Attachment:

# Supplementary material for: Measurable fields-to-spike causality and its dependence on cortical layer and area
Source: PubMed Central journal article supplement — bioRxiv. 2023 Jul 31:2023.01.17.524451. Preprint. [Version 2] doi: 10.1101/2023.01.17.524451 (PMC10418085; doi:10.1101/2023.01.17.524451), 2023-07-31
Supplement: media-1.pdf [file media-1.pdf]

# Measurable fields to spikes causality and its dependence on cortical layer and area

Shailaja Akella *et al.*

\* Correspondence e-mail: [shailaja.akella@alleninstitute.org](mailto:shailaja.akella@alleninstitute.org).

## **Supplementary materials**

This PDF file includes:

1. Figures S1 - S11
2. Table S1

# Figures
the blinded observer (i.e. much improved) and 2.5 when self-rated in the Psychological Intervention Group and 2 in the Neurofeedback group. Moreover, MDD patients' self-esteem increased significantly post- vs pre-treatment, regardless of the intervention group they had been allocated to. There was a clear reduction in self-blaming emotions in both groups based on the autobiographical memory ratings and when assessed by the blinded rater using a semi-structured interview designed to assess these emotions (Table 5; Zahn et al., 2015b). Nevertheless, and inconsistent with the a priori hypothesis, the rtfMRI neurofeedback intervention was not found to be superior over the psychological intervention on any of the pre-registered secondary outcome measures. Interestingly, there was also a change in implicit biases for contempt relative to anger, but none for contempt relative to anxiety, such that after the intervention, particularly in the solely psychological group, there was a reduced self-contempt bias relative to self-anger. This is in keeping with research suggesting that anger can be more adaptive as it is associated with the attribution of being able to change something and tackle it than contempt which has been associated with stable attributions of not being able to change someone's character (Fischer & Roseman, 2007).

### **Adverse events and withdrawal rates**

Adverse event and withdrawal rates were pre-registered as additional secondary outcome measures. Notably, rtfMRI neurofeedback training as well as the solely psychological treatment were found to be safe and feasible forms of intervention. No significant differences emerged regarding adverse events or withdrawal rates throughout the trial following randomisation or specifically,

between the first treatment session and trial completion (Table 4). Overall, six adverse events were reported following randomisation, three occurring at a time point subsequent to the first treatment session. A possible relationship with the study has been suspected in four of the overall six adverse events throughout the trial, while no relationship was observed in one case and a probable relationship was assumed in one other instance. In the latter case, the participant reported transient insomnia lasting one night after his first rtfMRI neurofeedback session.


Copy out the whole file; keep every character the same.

# Supplementary material for: Measurable fields-to-spike causality and its dependence on cortical layer and area
Source: PubMed Central journal article supplement — bioRxiv. 2023 Jul 31:2023.01.17.524451. Preprint. [Version 2] doi: 10.1101/2023.01.17.524451 (PMC10418085; doi:10.1101/2023.01.17.524451), 2023-07-31
Supplement: media-1.pdf [file media-1.pdf]

# Measurable fields to spikes causality and its dependence on cortical layer and area

Shailaja Akella *et al.*

\* Correspondence e-mail: [shailaja.akella@alleninstitute.org](mailto:shailaja.akella@alleninstitute.org).

## **Supplementary materials**

This PDF file includes:

1. Figures S1 - S11
2. Table S1

# Figures
the blinded observer (i.e. much improved) and 2.5 when self-rated in the Psychological Intervention Group and 2 in the Neurofeedback group. Moreover, MDD patients' self-esteem increased significantly post- vs pre-treatment, regardless of the intervention group they had been allocated to. There was a clear reduction in self-blaming emotions in both groups based on the autobiographical memory ratings and when assessed by the blinded rater using a semi-structured interview designed to assess these emotions (Table 5; Zahn et al., 2015b). Nevertheless, and inconsistent with the a priori hypothesis, the rtfMRI neurofeedback intervention was not found to be superior over the psychological intervention on any of the pre-registered secondary outcome measures. Interestingly, there was also a change in implicit biases for contempt relative to anger, but none for contempt relative to anxiety, such that after the intervention, particularly in the solely psychological group, there was a reduced self-contempt bias relative to self-anger. This is in keeping with research suggesting that anger can be more adaptive as it is associated with the attribution of being able to change something and tackle it than contempt which has been associated with stable attributions of not being able to change someone's character (Fischer & Roseman, 2007).

### **Adverse events and withdrawal rates**

Adverse event and withdrawal rates were pre-registered as additional secondary outcome measures. Notably, rtfMRI neurofeedback training as well as the solely psychological treatment were found to be safe and feasible forms of intervention. No significant differences emerged regarding adverse events or withdrawal rates throughout the trial following randomisation or specifically,

between the first treatment session and trial completion (Table 4). Overall, six adverse events were reported following randomisation, three occurring at a time point subsequent to the first treatment session. A possible relationship with the study has been suspected in four of the overall six adverse events throughout the trial, while no relationship was observed in one case and a probable relationship was assumed in one other instance. In the latter case, the participant reported transient insomnia lasting one night after his first rtfMRI neurofeedback session.